At Alley, we frequently design sites that require any given component to appear in a variety of contexts. A visual style guide allows us to view the site not as a series of pages, but grouping of reusable components. Ultimately, this simplifies and standardizes the way our designs communicate. In addition, it jumpstarts future components and ensures that every aspect of that design will be legible and recognizable to the user.

The complexities of modern web apps mean that designers and developers need to take the style guide one step further. A “living” style guide effectively shortens the distance between the style guide and a functional web site or app by bringing static design components into the browser and creating reusable, testable, modular design building blocks. A living style guide aims to simplify branding and communication as well as DRYing out your code and giving developers a more focused context in which to work.

We’ve been using living style guides at Alley for about six months and find it to be a huge help managing the design and build for the type of large-scale publications (or systems of publications) we work with. We’ve found that when working on a large build it’s vital to begin the process with a modular mindset. Pixel perfect, hi-fi layouts don’t factor into our process except as a tool for client buy-in; each page is a jigsaw of responsive, reusable, and (mostly) encapsulated components.

Our tool of choice for living style guides is one built by SC5 (here’s their live demo). The tool uses Angular and KSS to generate a style guide (or, as they call it, a “styleguide”) directly from your stylesheets. Alley has found the tool fits in quite nicely with our SASS workflow, though there are still some pain points. (We build custom websites and, ultimately, our style guide may require a more custom solution.) For now, the SC5 styleguide generator is a great jumping off point for anyone interested in using a living style guide for their work.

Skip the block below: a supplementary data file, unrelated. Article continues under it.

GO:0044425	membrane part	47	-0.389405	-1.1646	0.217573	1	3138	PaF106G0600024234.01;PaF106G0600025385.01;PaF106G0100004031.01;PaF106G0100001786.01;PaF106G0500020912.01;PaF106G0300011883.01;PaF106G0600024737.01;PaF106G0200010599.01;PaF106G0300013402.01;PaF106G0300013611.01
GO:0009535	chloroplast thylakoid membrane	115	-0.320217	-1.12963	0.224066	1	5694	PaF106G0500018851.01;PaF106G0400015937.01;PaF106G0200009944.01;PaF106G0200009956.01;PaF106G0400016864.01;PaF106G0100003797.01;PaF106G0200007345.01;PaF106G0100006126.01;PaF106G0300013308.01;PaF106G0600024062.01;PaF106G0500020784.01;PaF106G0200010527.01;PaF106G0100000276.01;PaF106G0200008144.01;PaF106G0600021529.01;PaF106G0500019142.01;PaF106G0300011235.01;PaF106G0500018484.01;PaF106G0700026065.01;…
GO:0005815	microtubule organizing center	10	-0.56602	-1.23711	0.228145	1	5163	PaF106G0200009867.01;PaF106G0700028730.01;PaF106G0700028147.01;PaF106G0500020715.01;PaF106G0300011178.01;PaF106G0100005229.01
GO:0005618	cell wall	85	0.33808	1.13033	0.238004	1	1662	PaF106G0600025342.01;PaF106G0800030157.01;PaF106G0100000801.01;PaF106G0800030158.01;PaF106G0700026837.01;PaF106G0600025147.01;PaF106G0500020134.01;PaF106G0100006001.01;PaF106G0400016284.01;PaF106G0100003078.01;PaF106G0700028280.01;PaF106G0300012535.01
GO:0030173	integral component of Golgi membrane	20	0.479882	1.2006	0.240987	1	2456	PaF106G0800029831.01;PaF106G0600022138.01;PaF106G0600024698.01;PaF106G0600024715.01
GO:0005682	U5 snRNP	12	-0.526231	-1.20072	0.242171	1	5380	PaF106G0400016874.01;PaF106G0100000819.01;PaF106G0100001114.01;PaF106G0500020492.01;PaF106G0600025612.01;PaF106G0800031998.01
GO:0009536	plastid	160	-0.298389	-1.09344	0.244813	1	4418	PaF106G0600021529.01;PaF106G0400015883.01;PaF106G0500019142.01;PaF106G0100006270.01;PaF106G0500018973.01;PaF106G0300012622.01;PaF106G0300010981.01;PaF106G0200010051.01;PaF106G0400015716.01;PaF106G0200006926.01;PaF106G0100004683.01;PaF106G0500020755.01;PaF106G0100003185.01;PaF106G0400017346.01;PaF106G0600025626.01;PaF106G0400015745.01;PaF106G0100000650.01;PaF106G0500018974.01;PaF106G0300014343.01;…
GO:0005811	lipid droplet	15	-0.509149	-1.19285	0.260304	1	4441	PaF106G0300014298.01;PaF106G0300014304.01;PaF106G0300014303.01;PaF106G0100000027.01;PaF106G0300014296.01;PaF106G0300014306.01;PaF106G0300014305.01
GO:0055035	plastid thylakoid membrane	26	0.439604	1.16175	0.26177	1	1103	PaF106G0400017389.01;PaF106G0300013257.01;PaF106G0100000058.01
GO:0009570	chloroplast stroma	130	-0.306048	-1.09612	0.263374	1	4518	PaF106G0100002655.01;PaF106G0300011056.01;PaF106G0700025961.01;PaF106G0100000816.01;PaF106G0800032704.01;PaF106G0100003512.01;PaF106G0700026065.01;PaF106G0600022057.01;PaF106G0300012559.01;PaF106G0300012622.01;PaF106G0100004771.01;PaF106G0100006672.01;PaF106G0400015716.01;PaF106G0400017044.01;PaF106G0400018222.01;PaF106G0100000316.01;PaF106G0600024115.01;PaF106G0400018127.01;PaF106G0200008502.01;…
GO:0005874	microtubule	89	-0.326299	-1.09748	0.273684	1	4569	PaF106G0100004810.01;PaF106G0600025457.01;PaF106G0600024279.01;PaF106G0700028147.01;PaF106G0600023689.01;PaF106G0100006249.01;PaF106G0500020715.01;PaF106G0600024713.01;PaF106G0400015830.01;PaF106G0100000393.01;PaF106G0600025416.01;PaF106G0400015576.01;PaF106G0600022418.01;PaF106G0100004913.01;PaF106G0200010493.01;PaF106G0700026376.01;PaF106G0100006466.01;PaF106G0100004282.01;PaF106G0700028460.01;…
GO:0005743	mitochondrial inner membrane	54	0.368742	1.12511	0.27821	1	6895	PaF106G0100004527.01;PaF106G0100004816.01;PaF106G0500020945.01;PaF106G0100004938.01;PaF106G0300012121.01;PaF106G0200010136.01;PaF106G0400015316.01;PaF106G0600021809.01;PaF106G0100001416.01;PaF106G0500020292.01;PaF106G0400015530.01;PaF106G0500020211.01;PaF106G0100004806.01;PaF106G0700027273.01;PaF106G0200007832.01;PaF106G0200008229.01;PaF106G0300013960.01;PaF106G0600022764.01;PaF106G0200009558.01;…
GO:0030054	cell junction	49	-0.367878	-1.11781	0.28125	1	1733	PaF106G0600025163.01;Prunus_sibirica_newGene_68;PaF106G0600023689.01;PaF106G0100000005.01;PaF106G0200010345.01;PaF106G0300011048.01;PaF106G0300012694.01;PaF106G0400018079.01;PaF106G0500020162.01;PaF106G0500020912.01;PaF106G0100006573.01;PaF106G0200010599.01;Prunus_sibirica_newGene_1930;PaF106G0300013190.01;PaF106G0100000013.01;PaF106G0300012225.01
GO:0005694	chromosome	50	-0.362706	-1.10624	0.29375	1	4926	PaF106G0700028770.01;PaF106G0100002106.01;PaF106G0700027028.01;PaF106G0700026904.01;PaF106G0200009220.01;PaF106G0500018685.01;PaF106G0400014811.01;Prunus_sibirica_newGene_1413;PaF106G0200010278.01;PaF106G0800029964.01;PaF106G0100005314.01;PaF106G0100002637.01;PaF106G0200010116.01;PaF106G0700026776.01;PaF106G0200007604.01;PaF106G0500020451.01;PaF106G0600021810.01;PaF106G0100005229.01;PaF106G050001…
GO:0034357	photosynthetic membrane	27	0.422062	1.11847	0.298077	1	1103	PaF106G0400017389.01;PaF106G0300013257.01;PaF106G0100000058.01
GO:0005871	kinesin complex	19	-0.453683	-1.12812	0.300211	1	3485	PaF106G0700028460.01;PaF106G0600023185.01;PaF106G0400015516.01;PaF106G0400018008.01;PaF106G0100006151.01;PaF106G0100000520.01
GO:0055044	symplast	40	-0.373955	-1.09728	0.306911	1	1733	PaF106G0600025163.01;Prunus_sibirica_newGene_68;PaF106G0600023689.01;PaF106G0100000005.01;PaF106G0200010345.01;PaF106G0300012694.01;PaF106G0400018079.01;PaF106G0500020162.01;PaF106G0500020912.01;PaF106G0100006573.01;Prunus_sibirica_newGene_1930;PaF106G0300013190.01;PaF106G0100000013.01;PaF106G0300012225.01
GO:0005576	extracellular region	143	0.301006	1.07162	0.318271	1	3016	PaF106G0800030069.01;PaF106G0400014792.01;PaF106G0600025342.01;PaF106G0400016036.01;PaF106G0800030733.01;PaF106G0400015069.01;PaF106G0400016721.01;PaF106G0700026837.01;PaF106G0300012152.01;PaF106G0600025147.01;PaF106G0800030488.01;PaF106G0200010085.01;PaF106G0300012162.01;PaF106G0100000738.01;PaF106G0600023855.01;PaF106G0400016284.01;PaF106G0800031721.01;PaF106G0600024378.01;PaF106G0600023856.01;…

Organization

The basic syntax of SC5 has ample documentation and at least one very thorough article by the style guide authors themselves. In overview, the tool generates your styleguide from specific commenting patterns in your SASS partials called KSS. The generator also has a few additions to KSS syntax that allow for more complex markup formulation.

One of the most basic KSS functions is to create a section of the style guide. We recommend using a CSS preprocessor like SASS as an effective way to section your style guide (not to mention the variety of other great reasons for using a preprocessor). A preprocessor’s @import will allow you to separate your style guide into encapsulated sections and subsections more effectively. To that end, we recommend putting each of your sections in a separate partial and, if your build is large enough, each related set of partials in their own directory with an “importer” partial.

/
 global.scss <--Top level importer will import the importers
  /typography
     _loader.scss <--Importer partial for typography
     _headings.scss
     _links.scss

  
The “importer” partial should not contain any actual SASS code, only imports:

// Top Level Section Title
 //
 // Description
 //
 // Styleguide 1.0
 @import 'sub-partial';
 @import 'another-sub-partial';

  
All the actual SASS code will go in the sub-partials you import:

// Sub Partial Component Title
//
// Description
//
// Styleguide 1.1
.my-component-class {
    color: blue;
    border: 1px solid $brand-color;
}

  
Using the generator should push you into some good practices. For example, the section layout of the style guide will push you to keep all styles relating to a component in a single partial. That includes context-specific changes and breakpoint changes. This is good for a few reasons:

  • Keeping the code in one place will make it easy to get an overview of the component, build new features and make changes.
  • Only the code within the partial containing the section declaration will appear in the “Show CSS” section of the style guide front end. If you separate some code into a new, unsectioned partial, that code will not be displayed by the style guide.
  • It enforces modular thinking instead of page-oriented thinking. The site you’re building is not a series of pages; it is an ecosystem of individual, reusable components, each with their own distinct purpose.

 

Using Modifiers to Display Component Variations